It’s amazing what you can find when you’re not looking for anything!  My better half came across this tiny little flower whilst she was cutting the grass (the blades of grass around the flower give a sense of the small scale).  We think that it is the beginnings of an Early-purple Orchid, but are not entirely sure, maybe some of you green-fingered readers will be able to help us out here?  I know some people like to treat their lawns with all sorts of chemicals so that they can enjoy a velvety grass-only lawn with not a weed or any moss in sight – I’ll gladly put up with a few dandelions here and there if it means we can get to see such lovely flowers as this:

Lord, just as a flower can radiate its precious beauty
and cast its fragrance everywhere.
So I ask you to cast the sweet fragrance of your presence over me. 
Surround me with your love.
Fill me with your healing balm.
Enfold me with your peace.
Comfort me with your presence.
May your fragrance linger in the stillness of my soul.
May your healing love renew my very being.
(From Fr. James McSweeny: A Year in Reflection)
May 12, 2010


Nikon F100, Nikkor 28-105 D, Fuji Reala 100

Potential:  Existing in possibility, capable of development into actuality…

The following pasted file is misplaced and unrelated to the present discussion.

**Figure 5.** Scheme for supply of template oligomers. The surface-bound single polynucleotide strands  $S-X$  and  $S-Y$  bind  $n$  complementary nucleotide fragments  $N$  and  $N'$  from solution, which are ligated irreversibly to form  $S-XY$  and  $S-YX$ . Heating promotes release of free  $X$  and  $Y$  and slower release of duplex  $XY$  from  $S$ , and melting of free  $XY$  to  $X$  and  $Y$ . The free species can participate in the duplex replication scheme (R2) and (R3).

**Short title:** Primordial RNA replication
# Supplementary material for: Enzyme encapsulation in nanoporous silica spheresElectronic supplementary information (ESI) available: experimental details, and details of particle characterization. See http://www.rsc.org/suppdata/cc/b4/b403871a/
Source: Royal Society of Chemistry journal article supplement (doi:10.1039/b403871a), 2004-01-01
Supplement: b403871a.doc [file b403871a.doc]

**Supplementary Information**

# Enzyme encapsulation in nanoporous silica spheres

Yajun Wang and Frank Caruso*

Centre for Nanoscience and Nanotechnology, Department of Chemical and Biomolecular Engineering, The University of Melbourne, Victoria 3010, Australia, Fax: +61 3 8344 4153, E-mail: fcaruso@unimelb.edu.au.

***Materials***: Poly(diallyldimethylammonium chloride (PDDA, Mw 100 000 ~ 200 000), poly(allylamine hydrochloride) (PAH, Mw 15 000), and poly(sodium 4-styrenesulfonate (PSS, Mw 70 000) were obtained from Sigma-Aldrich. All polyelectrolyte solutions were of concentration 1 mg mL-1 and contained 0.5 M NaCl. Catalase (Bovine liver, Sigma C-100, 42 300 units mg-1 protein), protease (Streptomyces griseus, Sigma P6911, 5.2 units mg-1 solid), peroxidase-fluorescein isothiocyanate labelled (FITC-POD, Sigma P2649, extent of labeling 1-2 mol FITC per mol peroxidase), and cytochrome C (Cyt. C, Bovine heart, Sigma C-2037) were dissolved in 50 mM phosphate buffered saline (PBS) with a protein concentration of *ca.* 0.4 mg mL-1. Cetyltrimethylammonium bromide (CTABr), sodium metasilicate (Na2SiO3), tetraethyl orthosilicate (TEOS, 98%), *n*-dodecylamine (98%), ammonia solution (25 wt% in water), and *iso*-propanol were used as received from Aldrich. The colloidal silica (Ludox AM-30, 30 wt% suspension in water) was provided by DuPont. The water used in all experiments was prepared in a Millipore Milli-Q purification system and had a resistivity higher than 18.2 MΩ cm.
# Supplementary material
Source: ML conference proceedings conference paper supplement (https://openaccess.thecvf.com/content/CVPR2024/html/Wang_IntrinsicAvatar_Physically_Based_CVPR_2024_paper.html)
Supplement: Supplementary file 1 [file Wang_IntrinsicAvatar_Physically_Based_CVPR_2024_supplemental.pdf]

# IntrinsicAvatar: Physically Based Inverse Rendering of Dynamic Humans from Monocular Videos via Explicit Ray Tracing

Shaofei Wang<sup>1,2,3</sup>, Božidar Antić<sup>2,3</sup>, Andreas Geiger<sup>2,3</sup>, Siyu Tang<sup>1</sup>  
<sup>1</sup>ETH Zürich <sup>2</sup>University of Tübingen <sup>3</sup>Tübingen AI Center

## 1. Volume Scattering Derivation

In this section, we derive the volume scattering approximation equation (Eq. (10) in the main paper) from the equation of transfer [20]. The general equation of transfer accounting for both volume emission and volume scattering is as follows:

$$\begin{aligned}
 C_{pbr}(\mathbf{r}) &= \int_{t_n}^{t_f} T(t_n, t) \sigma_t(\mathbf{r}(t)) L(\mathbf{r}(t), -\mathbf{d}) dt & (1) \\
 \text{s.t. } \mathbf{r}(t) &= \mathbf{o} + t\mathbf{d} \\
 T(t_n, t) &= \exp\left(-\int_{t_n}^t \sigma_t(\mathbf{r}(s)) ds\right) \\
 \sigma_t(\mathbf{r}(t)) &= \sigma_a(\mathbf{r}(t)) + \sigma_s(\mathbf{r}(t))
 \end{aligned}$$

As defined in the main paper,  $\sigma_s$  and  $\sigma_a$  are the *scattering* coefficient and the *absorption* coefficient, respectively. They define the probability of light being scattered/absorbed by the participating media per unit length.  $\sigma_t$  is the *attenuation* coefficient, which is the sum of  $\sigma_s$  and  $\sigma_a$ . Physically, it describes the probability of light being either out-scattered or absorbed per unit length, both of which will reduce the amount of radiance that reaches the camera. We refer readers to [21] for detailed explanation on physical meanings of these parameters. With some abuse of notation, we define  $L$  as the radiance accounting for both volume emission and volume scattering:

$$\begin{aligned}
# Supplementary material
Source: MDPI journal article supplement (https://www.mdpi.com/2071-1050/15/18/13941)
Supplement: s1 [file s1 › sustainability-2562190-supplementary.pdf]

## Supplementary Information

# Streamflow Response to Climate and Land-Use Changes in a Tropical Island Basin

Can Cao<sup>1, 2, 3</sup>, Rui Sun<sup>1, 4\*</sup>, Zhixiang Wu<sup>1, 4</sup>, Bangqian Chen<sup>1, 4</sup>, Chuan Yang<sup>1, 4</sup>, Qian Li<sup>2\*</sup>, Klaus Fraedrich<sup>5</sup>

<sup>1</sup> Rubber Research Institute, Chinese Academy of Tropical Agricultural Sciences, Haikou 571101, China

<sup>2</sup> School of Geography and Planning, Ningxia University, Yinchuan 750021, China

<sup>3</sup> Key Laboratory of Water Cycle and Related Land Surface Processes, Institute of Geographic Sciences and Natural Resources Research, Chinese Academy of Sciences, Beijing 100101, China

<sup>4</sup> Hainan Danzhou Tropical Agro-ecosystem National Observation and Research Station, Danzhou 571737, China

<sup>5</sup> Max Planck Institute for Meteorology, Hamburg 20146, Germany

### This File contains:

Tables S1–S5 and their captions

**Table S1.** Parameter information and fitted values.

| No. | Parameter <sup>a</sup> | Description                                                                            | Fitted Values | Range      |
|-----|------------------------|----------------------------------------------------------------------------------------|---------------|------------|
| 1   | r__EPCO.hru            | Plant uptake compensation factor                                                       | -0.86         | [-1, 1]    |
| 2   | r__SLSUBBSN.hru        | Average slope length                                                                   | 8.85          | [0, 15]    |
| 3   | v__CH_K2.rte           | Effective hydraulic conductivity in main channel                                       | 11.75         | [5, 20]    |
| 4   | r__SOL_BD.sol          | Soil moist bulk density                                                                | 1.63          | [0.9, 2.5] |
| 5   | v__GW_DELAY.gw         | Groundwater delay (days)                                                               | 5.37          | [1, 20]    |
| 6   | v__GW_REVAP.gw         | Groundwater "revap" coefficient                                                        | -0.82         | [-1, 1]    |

May 6, 2010

Garden Colour Part Two

See how the lilies of the field grow.  They do not labour or spin.  Yet I tell you that not even Solomon in all his splendour was dressed like one of these.  
(Matthew 6:28b, 29)

Well Spring has sprung a bit more since last time.  If ever you are thinking about a film for showing off colour (whether it be in your garden, landscapes or even for portraits) may I humbly recommend Fuji’s Reala 100.  Seeing as only strange people like me use film these days I got twenty rolls of this film off eBay for £20!  All these pictures were taken with a Nikon F100 and 28-105 AF-D lens.  
March 25, 2010

Garden Colour

Nikon D70s, f4.5, 1/30 sec, ISO 220, 127mm equivalent
Nikon D70s, f4.5, 1/60 sec, ISO 200, 127mm equivalent

Nikon D70s, f8, 1/250 sec, ISO 200, 112mm equivalent
It’s wonderful to have a stroll around the garden and see everything coming to life, especially after such a long, cold winter.  There are of course the great parallels with Easter – New Life, New Beginnings etc.  It is as if the whole of Creation points us towards God:

Open your eyes and there it is! By taking a long and thoughtful look at what God has created, people have always been able to see what their eyes as such can’t see: eternal power, for instance, and the mystery of his divine being.  (Romans 1:20 The Message)

St. Augustine said:

Ask the earth and the sea, the plains and the mountains, the sky and the clouds, the stars and the sun, the fish and animals, and all of them will say, “We are beautiful because God made us.” This beauty is their testimony to God.

March 18, 2010

Watching and Waiting

Nikon F100, Nikkor 28-105 f3.5-4.5 D, Ilford FP4 plus (ISO 125), (Click to enlarge)

We were putting out some old dried bread onto the bird table with the unmistakable feeling of being watched. I turned around and there they were, waiting for us to leave so that they could tuck in! Someone commenting on this picture on said it was like something out of a Hitchcock film, maybe the black and white makes it look a bit sinister but in reality it was quite funny – we weren’t attacked by them or anything.